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MS Article or Multiple Sclerosis Article :


What Are the

Early Symptoms

of Multiple Sclerosis?

Early Symptoms of MS:

The initial signs of Multiple Sclerosis or the multiple sclerosis warning signs can be difficult to see as a whole before the subtle symptoms that can initially appear are put together to lead to the diagnosis of Multiple Sclerosis. Doctors and patients alike may not recognize the often mild symptoms that may occur initially before the person is given the diagnosis of Multiple Sclerosis.

Because of this often occurring, and the fact that Multiple Sclerosis is often not as well defined in some cases of MS, it can be difficult to determine what is really going on before the person's symptoms become severe enough for the doctors to suspect the presence of MS.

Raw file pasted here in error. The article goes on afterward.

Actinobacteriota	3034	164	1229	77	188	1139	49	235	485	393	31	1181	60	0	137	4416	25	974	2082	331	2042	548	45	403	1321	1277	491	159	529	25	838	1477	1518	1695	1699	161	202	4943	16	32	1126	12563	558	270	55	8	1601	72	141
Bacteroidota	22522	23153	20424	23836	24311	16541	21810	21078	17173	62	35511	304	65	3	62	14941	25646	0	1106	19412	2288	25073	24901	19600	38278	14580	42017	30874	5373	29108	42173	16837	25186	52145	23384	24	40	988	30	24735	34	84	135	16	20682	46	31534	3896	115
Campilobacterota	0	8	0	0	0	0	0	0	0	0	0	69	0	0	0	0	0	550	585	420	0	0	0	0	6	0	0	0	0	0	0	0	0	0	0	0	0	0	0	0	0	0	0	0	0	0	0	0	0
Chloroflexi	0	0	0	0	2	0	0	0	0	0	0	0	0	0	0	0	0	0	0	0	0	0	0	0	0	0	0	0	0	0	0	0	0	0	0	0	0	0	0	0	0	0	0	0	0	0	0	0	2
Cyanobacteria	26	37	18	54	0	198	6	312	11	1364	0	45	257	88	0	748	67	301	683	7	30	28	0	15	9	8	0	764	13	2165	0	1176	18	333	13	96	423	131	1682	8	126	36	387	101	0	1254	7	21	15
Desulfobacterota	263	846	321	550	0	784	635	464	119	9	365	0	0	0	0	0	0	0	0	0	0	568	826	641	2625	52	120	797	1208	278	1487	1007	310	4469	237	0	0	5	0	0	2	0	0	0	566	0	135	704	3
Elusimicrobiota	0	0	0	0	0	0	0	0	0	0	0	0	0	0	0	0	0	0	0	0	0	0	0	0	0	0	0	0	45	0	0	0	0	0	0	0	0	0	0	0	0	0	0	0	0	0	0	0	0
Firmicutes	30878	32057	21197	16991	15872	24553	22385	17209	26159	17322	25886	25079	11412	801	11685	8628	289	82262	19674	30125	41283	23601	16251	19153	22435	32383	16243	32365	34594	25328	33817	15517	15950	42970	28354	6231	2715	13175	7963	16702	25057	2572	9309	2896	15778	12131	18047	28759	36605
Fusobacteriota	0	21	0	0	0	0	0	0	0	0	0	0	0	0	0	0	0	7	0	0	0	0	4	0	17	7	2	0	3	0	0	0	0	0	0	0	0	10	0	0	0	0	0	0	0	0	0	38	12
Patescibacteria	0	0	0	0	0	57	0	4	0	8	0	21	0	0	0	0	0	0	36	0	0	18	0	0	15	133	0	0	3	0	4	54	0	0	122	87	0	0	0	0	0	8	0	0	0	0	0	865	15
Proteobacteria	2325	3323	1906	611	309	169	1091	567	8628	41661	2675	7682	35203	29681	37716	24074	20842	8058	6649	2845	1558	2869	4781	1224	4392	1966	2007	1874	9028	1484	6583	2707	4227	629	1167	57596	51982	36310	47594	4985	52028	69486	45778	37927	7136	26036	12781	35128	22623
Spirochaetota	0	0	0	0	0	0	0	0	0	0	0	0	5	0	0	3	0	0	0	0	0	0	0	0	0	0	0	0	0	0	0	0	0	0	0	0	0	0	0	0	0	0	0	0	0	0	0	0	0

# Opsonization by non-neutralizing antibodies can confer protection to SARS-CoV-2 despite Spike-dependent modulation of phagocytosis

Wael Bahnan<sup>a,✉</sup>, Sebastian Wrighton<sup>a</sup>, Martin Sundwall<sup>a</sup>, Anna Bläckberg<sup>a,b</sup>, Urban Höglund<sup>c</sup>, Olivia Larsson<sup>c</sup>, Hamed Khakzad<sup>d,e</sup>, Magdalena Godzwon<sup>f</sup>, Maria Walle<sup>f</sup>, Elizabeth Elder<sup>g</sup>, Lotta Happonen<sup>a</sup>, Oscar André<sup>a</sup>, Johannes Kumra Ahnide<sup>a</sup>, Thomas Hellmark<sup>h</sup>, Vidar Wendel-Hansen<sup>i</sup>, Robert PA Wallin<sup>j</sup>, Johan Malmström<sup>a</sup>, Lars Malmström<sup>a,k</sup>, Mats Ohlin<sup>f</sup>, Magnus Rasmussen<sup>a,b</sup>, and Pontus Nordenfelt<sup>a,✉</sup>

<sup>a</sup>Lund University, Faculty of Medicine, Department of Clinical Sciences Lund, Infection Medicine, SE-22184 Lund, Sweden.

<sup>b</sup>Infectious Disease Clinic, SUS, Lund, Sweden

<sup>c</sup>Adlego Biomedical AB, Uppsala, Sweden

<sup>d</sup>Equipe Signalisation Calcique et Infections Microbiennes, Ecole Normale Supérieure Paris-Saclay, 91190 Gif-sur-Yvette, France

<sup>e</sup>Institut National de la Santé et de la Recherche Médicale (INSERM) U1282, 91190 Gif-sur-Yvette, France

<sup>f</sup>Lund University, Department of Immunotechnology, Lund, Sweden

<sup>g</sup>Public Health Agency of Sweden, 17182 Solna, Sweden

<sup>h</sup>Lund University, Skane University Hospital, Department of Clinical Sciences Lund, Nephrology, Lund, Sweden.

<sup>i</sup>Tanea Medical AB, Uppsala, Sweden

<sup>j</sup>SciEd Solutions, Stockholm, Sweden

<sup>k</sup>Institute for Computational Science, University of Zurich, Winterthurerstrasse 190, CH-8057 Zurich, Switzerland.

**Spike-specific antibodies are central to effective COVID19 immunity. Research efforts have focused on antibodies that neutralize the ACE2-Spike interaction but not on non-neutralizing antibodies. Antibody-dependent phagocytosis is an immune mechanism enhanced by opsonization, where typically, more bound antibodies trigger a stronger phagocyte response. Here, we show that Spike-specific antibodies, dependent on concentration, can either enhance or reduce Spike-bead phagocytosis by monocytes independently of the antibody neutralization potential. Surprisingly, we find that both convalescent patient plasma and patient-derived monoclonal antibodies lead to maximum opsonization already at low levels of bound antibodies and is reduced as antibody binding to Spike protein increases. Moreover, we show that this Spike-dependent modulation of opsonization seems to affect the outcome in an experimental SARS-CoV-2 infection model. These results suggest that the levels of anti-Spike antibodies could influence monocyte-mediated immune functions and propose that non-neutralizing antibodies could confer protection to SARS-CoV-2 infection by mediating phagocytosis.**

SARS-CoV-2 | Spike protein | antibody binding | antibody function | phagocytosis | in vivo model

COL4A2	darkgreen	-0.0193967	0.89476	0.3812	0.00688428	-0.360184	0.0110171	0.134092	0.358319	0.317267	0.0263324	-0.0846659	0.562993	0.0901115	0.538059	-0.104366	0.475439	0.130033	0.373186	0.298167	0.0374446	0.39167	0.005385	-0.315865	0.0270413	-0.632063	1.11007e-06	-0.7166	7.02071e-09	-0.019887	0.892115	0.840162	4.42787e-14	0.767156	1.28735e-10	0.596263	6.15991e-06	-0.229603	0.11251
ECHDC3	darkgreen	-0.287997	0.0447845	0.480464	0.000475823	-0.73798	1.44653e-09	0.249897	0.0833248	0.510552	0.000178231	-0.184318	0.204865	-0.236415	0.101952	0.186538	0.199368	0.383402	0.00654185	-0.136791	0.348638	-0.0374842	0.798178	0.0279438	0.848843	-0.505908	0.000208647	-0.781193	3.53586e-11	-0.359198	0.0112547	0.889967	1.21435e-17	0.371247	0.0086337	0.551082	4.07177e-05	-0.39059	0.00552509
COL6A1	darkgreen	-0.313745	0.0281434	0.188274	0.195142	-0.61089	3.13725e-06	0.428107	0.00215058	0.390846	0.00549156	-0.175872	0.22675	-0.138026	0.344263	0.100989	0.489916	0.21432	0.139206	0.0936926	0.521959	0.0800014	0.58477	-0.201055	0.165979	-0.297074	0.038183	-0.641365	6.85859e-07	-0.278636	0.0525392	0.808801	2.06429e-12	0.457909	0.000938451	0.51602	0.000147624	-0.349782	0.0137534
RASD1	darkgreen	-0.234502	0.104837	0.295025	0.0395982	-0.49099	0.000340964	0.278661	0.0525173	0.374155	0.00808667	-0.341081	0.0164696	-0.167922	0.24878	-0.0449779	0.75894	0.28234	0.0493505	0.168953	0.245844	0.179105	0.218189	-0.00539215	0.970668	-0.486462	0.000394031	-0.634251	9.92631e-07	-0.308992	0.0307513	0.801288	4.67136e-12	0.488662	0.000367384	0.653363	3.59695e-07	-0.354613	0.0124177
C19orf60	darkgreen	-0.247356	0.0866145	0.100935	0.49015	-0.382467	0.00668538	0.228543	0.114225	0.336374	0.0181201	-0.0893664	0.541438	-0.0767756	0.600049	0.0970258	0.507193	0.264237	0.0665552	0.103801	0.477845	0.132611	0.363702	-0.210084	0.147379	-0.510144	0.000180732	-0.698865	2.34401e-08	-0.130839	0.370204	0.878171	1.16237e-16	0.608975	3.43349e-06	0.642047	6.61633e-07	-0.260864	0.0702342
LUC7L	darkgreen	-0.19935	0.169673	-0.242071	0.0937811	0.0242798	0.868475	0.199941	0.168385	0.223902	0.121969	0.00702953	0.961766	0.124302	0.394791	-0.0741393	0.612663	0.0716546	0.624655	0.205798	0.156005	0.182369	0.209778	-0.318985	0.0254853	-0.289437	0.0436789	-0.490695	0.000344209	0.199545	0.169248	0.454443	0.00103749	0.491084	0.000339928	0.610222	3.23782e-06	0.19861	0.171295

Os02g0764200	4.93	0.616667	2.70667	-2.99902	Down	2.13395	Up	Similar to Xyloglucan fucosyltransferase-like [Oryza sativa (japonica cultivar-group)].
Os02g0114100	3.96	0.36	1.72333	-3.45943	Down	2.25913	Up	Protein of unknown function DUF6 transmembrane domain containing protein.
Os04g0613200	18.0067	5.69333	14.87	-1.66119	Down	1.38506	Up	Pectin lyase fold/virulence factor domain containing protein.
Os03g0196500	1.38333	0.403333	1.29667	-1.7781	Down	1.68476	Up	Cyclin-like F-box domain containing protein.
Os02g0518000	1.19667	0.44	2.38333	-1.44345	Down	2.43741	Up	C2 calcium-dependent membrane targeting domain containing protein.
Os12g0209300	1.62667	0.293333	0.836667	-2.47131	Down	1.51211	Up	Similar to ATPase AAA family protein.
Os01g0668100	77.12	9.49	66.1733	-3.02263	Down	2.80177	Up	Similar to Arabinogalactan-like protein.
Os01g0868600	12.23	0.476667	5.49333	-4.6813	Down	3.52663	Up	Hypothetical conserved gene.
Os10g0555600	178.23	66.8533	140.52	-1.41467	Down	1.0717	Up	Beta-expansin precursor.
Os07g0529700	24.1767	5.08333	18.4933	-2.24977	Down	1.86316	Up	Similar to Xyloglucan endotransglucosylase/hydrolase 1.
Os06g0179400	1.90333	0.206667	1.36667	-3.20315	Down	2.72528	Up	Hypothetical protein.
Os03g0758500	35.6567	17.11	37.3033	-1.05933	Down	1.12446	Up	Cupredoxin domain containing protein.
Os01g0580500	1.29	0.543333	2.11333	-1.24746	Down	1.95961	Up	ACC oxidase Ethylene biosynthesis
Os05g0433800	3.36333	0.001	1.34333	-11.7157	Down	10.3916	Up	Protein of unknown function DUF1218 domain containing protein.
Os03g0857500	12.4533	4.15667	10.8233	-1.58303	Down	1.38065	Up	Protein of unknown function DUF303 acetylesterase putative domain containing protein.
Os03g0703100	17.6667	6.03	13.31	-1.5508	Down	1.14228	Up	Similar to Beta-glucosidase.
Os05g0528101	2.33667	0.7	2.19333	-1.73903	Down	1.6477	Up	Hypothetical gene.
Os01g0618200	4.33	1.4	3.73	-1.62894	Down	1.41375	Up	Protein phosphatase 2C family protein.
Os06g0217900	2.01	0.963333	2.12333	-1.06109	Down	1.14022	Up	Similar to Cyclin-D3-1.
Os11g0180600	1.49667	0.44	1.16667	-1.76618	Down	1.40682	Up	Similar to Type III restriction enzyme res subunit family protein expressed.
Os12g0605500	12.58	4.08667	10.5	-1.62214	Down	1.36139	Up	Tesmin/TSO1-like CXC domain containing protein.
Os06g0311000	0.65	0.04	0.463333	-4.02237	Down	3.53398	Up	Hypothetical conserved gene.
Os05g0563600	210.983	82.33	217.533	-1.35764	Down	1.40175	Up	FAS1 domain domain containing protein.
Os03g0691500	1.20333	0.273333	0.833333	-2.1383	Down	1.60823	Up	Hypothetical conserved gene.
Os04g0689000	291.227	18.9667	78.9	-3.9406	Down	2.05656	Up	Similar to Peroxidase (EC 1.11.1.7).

On top of all of this, there are a few conditions that can actually mimic the symptoms of MS, including Lyme disease and a few bacterial infections.

The early signs of Multiple Sclerosis are not that well defined and can vary from case to case. Some people can actually start out with more severe symptoms and some can be so minor that they do not appear to be anything worth being alarmed over. 

The early symptoms of MS can come and go over a period of 2 to 5 years before they become extreme enough or noticeable enough for the combination of symptoms to begin to appear to point to Multiple Sclerosis as the culprit for the presence of the symptoms.